Issue No.
17, September 1999 Latest update 9 of July 2007, at 6.25 am
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Beitin

Human settlement in Beitin dates back to the pre-historic period. Archaeological excavations in the 1950s discovered flint tools, pottery, and animal bones dating from the Chalcolithic period (5th millennium BC). At this time the area of the springs at the foot of the Tel was a meeting place for nomadic groups. Only in the Early Bronze Age (about 3200 BC) did these groups form a settled culture. Archaeologists discovered a Canaanite temple dating to this period at the top of the Tel. Traces of blood and animal bones were found there which indicate the offering of sacrifices. Also discovered were human skulls and tombs of the Early Bronze Age as well as pottery, including storage jars and cooking pots of the Early and Middle Bronze Ages. Other Canaanite tombs were found south-east of the village. In the Middle Bronze Age (about 1750 BC) Beitin increased in size from the status of a village to a fortified town. Walls 3.5 meters thick were uncovered by excavations of a section of the defenses. Another temple was built on top of the Tel during this period. This appears to have been destroyed in an earthquake. Two city gates have been excavated, one in the north-east, the other in the north-west of the city wall. Archaeologists think that the town had two other gates, to the west and to the east. The main gate is the one to the north-west which was built on the ruins of the temple on top of the site. The walls of the entrance are 1.5 meters thick. Inside the site itself another temple was excavated and it is one of the finest monuments of the Middle Bronze Age in Palestine. IN this temple a large amount of animal bones was found along with utensils made of clay, decorated storage jars and a column bearing the head of the Egyptian goddess Hathor. The site was occupied by the Egyptians about 1550 BC after the liberation of Egypt from the Hyksos. It was then abandoned until the 14th century BC. The Canaanite city of Beitin prospered remarkaby at the end of the Late Bronze Age as is shown by the material remains of this period. Among the beautiful duildings of this Age were an olive press, found almost complete with the preserved remains of crushed olives, and large luxurious houses with floors paved with well-fashioned flagstones. The most ancient site in the region is Tel Al Tel which lies 2.5 kms east of Beitin near the village of Beir Bidwan. Today, Beitin is a small village of no more than 2000 inhabitants famous for its olive, almond, fig and plum trees. The village owes its situation to the proximity of its water springs and fertile agricultural land and to its position near important commercial routs, particularly the route connecting Jericho to the Mediterranean coast and the mountain route connecting the north and south of Palestine. Beitin is 17kms north of Jerusalem, on the Nablus road. Shortly after exiting El Bireh one must turn right at the Bet El roundabout, in the direction of the new Nablus road. The first exit to the left takes you to the old Jericho road, where the first exit to the right (1.5 kms from the first exit) leads you to Beitin.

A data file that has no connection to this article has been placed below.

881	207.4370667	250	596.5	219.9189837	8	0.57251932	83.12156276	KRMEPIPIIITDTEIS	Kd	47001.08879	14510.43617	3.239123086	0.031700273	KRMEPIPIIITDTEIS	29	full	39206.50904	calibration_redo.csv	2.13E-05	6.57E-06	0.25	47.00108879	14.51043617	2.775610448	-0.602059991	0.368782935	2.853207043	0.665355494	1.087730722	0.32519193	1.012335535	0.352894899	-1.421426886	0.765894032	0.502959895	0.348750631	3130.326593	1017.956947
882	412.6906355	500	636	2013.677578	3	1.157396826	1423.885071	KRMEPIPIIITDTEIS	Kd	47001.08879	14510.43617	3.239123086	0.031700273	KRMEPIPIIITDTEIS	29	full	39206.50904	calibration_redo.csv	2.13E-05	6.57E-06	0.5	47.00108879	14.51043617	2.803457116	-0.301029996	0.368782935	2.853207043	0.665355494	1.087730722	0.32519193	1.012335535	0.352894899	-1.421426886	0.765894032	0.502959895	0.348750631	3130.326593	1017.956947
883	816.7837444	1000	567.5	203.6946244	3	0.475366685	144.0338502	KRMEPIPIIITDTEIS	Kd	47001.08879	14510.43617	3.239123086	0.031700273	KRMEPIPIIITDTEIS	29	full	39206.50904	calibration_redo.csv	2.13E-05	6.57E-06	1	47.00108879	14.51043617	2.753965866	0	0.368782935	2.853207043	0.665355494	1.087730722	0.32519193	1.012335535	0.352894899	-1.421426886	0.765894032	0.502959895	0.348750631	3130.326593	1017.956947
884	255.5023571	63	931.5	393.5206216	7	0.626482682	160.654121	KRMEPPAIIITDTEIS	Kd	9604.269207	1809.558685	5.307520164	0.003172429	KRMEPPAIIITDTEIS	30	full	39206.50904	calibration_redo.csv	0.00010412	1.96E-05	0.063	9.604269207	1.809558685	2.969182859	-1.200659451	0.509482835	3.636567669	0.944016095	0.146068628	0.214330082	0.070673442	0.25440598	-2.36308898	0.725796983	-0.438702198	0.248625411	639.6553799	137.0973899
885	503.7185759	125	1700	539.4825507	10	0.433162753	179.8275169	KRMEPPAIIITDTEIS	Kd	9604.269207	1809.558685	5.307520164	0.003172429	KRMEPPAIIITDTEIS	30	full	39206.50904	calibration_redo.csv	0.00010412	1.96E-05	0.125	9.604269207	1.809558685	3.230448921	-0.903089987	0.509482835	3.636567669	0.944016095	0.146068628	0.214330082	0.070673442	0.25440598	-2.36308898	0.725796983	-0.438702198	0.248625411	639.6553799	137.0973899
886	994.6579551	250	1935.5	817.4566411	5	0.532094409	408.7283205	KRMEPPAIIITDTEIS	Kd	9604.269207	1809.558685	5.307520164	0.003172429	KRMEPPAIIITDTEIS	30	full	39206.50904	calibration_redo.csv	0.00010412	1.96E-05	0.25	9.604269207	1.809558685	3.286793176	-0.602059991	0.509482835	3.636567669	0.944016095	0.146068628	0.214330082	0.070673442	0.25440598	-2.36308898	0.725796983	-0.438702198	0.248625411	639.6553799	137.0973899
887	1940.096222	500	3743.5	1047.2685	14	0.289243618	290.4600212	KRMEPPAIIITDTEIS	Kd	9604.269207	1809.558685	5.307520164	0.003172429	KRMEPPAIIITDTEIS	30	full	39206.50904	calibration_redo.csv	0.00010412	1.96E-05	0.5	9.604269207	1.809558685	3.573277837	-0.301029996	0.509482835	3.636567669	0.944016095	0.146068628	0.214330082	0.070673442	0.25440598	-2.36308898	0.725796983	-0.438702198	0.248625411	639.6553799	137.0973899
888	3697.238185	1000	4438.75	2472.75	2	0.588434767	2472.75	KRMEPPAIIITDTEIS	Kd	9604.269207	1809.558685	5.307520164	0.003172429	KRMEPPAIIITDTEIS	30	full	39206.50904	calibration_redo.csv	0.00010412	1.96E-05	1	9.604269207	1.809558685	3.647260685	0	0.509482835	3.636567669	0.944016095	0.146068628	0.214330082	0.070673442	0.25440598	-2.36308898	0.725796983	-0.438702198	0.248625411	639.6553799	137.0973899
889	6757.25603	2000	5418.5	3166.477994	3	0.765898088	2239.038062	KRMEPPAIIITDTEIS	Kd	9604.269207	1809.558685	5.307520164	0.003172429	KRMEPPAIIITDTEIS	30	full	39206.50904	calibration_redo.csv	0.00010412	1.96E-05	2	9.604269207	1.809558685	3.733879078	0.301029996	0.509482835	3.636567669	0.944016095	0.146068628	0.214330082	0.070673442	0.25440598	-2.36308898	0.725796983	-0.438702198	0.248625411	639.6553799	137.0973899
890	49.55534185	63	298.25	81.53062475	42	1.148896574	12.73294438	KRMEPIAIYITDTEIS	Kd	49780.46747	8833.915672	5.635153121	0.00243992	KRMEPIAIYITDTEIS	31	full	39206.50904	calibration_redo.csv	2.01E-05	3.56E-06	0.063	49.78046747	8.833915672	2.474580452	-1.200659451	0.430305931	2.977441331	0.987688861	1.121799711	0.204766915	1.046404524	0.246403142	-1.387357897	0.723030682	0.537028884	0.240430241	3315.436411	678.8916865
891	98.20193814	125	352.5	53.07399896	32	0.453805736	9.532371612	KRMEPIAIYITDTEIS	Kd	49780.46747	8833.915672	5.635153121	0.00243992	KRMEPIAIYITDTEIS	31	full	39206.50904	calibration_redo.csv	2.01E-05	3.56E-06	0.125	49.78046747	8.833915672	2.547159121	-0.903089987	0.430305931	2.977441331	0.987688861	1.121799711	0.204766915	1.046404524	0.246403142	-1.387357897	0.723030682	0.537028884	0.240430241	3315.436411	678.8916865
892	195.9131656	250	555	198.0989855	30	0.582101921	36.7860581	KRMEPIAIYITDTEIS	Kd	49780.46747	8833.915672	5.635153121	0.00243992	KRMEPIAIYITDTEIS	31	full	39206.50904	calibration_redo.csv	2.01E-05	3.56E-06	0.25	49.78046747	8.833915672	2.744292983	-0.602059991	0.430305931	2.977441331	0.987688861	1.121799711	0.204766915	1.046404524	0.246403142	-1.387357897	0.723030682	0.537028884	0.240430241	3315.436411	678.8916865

Source: PACE visitor's guide to Beitin

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